Finnish Facts found on Wikipedia


The pagan Finnish belief about the soul of a human was different from that of most other cultures across the world, in that they believed the human soul to be composed of three different parts: henki, luonto and itse. Each of the three were autonomous beings on their own.

Henki (translated as “life”, “breath” or “spirit”, sometimes also referred to as “löyly”) was a person’s life force, which presented itself as breathing, the beating of one’s heart and the warmth of their body. Henki was received prior to birth and it left at the moment of death. The word “hengetön” (lit. “one without henki”) can be used as a synonym for dead in the Finnish language even now.

Luonto (translated as “nature”) was a guardian spirit or protector. Luonto has also been referred to as the haltija of a person. A strong willed, artistic or otherwise talented person was believed to have a strong haltija who granted them good luck and skills to complete their tasks well. A weak luonto could be strengthened by various spells and rituals. Luonto could leave a person’s body without the person dying, but its lengthened absence would cause problems, such as alcoholism and other addictions. Unlike henki, luonto was not received prior to birth but instead either at the time of getting the first teeth or being given a name. A newborn child was thus considered to be particularly vulnerable.

Itse was a spirit received at the time of birth or a few days after. It was believed to define one’s personality and receiving itse made one a person. In modern day Finnish the word “itse” means “self”, but in old days itse was different from one’s self, “minuus”. Like luonto, itse could leave one’s body without the person dying but long absence would cause illnesses and misery. Depressions, for instance, was seen as a result of having lost one’s itse. If a person was diagnosed to be “itsetön” or “luonnoton” (without one’s itse or without one’s luonto), a shaman or a sage could try locating the missing part of the soul and bring it back. Although itse and luonto were usually lost after a traumatising event, it was possible to purposefully separate one’s itse from their body. This was requiered if a missing part of the soul needed to be found. Itse could also leave the body to appear as an “etiäinen” (a sort of false arrival apparition). At the time of a person’s death their itse joined the other deceased of the family or, in some cases, stayed amongst the living as a ghost.


In some traditions, it was a habit to pause at a half-way point while transporting the dead body, from the dwelling to the graveyard. Here, a karsikko-marking was made on a big pine tree. The marking was for people to remember the person; and in the event that the spirit were to awaken and try to make its way back home from the graveyard, it would see its own karsikko-marking, then realize that it is dead and instead try to find the path to the spirit realm. A forest with karsikko-marked trees was a kind of supernatural barrier between dwellings of the living and the burial grounds.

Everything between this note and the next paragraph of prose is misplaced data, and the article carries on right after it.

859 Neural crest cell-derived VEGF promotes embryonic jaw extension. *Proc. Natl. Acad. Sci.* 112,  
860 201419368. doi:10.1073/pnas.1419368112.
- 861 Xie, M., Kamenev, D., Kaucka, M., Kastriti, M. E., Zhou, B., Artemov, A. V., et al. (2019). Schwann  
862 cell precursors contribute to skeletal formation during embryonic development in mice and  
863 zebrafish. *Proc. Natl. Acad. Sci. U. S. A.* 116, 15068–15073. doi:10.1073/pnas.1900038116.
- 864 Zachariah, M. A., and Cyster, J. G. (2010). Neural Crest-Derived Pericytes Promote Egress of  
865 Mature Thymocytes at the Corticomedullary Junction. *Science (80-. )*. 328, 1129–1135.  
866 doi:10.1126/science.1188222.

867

After a person died there was a transitional period of thirty to forty days while their soul searched Tuonela, the land of dead, and tried to find their place there. During this period, the soul could visit its living relatives either as a ghost or in the form of an animal.

The soul visited relatives especially if it was unhappy. To please an unhappy soul, one would show respect by not speaking ill of the deceased or by having a sacrifice in the spirit’s name.

After this transitional period, the soul moved permanently in to Tuonela. However, the soul could still come back if it were unhappy, or if it were asked to return by its relatives who needed help.

Some souls were not able to settle down or were not welcomed in Tuonela, and they continued haunting, i.e. bastard children who were killed and buried outside a cemetery usually ended up as permanent haunters of some place, typically screaming in terror, until someone digs up their bodies, blesses them, and buries them in a graveyard.

Ancestor veneration

People were afraid of ghosts, but spirits of ancestors could also help his/her living relatives, and they were asked to help. A shaman could be sent to Tuonela to ask for knowledge of spirits or even to take a spirit to the world of living as luonto. A Spirit of the dead had to be honoured by giving him/her sacrifices. Places where sacrifices were given to ancestors were called Hiisi ( = sacred forest, also a kind of open air temple, often included the Offering-stone, uhrikivi, collective monument for the dead of the family). Christianity held hiisi to be evil creatures and places. The old sacred places were often desecrated by being used as the building sites for the churches of the new religion, and the old sacred trees were hacked down.


Lemminkäisen äiti by Akseli Gallen-Kallela. A depiction of the underworld, Tuonela, from a myth found in the Kalevala.


Main article: Tuonela

The Finns believed in a place of afterlife called Tuonela, or sometimes Manala. In most traditions it was situated underground or at the bottom of a lake, though sometimes it was said to exist on the other side of a dark river. Tuonela was ruled over by the god Tuoni, and his wife, the goddess Tuonetar.